Hiding behind a life-sized negative of yourself won't actually turn you invisible. But researchers at the University of Texas at Austin have figured out how to use that same idea to make real-world objects vanish when shot with microwave energy.
Most attempts at cloaking real-world objects have relied on metamaterials that route incoming light around the hidden object wholesale in order to make it appear invisible. The University of Texas team instead employed plasmonic materials that affected just the electric and magnetic fields the incoming light used. These materials present a "photo negative" of the hidden object that cancels the disruption the object causes to these fields.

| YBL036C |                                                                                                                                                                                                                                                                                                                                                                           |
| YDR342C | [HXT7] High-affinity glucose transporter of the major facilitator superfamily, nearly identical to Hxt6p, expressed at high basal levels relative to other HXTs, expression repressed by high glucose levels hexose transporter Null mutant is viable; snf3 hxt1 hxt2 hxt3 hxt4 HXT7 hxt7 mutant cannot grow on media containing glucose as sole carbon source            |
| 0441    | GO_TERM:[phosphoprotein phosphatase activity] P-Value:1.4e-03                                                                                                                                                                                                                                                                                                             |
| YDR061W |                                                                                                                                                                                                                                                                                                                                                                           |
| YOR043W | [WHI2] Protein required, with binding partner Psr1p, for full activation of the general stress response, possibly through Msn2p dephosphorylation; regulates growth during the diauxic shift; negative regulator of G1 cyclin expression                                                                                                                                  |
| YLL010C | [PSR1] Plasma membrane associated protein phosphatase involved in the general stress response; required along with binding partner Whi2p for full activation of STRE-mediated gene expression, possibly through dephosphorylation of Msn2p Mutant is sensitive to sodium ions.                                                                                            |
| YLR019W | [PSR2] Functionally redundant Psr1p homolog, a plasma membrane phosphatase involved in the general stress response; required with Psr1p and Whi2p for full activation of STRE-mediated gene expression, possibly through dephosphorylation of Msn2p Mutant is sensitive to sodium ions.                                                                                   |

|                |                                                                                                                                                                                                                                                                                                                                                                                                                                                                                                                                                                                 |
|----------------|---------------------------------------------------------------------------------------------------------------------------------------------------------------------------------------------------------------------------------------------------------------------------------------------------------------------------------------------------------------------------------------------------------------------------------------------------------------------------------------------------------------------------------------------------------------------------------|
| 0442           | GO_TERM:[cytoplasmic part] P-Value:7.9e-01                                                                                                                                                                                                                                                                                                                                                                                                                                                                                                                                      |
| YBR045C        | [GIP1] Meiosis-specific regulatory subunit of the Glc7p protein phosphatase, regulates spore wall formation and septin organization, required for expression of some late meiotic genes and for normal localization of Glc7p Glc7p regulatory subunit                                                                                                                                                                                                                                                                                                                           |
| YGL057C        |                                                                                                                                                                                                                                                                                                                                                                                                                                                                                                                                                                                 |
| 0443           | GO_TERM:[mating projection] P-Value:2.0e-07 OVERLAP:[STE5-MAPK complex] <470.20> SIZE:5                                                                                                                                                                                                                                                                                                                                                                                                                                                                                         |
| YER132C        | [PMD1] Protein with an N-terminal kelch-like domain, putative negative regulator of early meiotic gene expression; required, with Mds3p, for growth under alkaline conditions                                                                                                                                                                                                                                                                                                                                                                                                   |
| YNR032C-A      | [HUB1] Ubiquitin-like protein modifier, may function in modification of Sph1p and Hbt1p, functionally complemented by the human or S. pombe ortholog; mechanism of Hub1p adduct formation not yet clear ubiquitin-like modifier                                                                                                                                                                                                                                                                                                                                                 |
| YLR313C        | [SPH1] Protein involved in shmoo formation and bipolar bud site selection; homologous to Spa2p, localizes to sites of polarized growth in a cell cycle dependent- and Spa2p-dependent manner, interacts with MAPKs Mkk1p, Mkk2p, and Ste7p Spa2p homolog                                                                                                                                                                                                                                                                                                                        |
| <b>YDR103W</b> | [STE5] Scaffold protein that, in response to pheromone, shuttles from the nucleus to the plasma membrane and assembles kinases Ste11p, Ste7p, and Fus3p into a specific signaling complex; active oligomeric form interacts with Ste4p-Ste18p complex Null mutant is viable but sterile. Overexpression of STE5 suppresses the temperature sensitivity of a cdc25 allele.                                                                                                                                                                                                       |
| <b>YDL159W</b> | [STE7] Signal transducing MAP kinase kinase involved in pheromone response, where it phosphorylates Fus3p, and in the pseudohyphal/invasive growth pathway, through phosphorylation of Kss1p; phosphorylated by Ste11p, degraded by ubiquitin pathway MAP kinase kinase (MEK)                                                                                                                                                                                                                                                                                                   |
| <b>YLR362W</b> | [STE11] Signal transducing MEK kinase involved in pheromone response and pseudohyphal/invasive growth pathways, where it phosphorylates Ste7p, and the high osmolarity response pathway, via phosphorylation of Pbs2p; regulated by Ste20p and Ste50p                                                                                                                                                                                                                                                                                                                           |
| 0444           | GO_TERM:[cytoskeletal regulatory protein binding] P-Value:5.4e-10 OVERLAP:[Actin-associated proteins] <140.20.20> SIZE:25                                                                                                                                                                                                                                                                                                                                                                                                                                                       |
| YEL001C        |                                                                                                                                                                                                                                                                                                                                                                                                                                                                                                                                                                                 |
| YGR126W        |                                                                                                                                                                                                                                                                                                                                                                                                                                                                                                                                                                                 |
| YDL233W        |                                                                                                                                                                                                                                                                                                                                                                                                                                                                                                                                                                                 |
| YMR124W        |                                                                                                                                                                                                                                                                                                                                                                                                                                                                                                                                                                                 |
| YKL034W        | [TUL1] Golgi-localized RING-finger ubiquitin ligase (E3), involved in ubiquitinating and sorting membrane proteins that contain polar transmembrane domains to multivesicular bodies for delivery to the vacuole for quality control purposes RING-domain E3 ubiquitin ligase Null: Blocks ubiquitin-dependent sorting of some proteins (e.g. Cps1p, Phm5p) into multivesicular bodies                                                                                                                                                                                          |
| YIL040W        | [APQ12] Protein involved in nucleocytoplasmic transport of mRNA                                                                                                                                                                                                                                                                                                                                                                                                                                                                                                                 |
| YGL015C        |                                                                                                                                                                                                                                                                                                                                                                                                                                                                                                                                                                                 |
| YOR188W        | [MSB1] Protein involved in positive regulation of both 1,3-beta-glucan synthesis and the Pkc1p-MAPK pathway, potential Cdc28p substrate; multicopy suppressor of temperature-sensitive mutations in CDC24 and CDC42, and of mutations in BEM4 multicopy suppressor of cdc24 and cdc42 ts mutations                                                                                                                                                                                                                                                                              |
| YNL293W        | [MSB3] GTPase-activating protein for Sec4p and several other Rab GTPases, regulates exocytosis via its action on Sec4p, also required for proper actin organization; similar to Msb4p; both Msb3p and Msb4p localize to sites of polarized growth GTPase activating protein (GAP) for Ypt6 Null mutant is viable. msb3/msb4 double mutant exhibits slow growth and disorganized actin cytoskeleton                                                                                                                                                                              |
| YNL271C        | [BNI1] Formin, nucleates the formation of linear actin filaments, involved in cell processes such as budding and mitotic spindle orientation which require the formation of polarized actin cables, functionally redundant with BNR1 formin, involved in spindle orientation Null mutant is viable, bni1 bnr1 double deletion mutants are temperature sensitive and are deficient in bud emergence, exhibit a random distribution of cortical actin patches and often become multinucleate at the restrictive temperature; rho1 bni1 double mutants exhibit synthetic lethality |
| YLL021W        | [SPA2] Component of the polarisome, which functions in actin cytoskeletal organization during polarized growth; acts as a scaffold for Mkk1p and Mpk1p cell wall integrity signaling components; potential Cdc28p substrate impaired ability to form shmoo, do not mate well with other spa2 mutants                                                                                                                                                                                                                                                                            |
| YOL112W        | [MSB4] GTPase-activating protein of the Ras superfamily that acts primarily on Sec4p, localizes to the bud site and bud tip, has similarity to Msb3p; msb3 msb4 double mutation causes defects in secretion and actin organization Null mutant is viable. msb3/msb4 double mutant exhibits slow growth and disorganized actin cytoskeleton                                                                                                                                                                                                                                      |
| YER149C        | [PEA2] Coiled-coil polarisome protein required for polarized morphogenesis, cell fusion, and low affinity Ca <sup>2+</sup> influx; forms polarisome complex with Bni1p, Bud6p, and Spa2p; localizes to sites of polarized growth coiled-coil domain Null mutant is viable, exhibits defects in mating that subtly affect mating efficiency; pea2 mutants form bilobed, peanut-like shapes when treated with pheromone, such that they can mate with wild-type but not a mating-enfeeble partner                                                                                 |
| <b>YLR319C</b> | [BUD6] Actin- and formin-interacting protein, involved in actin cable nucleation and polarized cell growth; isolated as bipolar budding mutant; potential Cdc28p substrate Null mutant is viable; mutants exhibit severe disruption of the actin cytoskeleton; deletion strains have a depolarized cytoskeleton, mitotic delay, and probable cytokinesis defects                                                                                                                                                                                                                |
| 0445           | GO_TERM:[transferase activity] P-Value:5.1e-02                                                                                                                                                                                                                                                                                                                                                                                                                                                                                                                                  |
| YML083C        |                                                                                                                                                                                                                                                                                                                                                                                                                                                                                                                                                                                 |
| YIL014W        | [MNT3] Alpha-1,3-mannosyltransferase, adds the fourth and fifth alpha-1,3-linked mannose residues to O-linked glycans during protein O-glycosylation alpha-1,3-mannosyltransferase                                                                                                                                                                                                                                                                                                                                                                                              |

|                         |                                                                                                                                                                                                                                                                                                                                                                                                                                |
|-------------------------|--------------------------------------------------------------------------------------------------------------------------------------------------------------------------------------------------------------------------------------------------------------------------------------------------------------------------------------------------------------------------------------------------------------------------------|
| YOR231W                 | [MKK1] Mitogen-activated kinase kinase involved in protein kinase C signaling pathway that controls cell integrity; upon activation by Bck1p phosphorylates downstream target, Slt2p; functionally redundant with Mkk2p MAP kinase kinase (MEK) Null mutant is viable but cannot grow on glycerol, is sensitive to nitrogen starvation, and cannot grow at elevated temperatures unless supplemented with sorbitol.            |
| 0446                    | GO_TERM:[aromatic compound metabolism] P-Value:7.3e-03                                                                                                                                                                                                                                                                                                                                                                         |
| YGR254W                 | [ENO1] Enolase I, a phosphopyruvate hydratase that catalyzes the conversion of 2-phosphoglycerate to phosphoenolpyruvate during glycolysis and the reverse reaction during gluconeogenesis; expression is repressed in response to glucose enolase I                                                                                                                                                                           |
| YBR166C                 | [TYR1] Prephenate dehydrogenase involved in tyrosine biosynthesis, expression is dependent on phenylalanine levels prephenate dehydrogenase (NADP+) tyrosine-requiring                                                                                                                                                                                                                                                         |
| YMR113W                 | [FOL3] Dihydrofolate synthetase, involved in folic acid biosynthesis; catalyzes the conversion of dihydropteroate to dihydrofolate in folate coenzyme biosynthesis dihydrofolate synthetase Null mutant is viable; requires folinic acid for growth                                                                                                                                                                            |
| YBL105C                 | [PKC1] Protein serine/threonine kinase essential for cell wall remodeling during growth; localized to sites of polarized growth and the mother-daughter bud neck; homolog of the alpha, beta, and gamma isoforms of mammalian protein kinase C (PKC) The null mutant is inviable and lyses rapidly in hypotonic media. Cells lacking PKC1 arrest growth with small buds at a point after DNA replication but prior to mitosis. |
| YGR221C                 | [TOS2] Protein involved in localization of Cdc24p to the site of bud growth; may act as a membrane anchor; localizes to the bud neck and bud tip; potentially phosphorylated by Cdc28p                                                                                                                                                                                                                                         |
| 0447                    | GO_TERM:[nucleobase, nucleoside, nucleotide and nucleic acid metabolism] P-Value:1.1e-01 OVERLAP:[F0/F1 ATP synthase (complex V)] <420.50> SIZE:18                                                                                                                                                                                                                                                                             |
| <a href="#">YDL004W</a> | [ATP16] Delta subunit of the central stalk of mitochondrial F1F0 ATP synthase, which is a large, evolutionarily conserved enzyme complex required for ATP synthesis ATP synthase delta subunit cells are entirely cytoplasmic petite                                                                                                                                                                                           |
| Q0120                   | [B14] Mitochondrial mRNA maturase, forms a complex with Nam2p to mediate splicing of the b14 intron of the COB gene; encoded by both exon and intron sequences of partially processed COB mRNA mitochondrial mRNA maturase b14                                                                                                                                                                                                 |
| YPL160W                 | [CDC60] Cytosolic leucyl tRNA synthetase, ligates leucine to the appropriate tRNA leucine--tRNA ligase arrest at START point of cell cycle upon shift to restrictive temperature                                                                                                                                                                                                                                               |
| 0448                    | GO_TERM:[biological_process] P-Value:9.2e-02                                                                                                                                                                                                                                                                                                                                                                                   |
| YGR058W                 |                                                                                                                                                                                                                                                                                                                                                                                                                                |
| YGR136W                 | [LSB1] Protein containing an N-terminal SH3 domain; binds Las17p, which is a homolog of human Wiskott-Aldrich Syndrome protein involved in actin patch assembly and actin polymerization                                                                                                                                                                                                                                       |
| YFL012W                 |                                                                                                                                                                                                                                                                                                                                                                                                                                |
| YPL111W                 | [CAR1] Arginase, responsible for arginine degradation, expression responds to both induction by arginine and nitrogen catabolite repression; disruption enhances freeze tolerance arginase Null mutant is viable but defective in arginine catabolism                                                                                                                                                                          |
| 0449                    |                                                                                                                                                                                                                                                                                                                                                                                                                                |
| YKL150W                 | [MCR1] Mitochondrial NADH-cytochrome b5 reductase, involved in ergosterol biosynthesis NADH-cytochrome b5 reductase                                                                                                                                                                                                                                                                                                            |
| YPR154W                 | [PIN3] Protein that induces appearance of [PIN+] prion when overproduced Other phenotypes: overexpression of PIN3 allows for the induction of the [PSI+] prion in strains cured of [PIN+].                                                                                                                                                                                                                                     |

As the image below shows, incoming microwave light gets all pinched and distorted as it refracts off the object. But, when that object is coated in a plasmonic-material "shell," the shell and object itself cancel out each other's disruption, effectively making the object invisible from all angles.
As Professor Andrea Alu of the UT research team explained to BBC news,
"What we do is different; we realise a shell that scatters [light] by itself, but the interesting point is that if you combine the shell with the object inside, the two counter out and the object becomes completely invisible."
These plasmonic materials can be designed to affect specific electric and magnetic fields, but only in the microwave range of the energy spectrum. They likely won't prove viable in the visible spectrum. It also has the drawback of being object-specific since the shell and object have to reflect one another. Professor Alu envisions this new technology to be incorporated into scanning microscopes to improve their resolution at short wavelengths.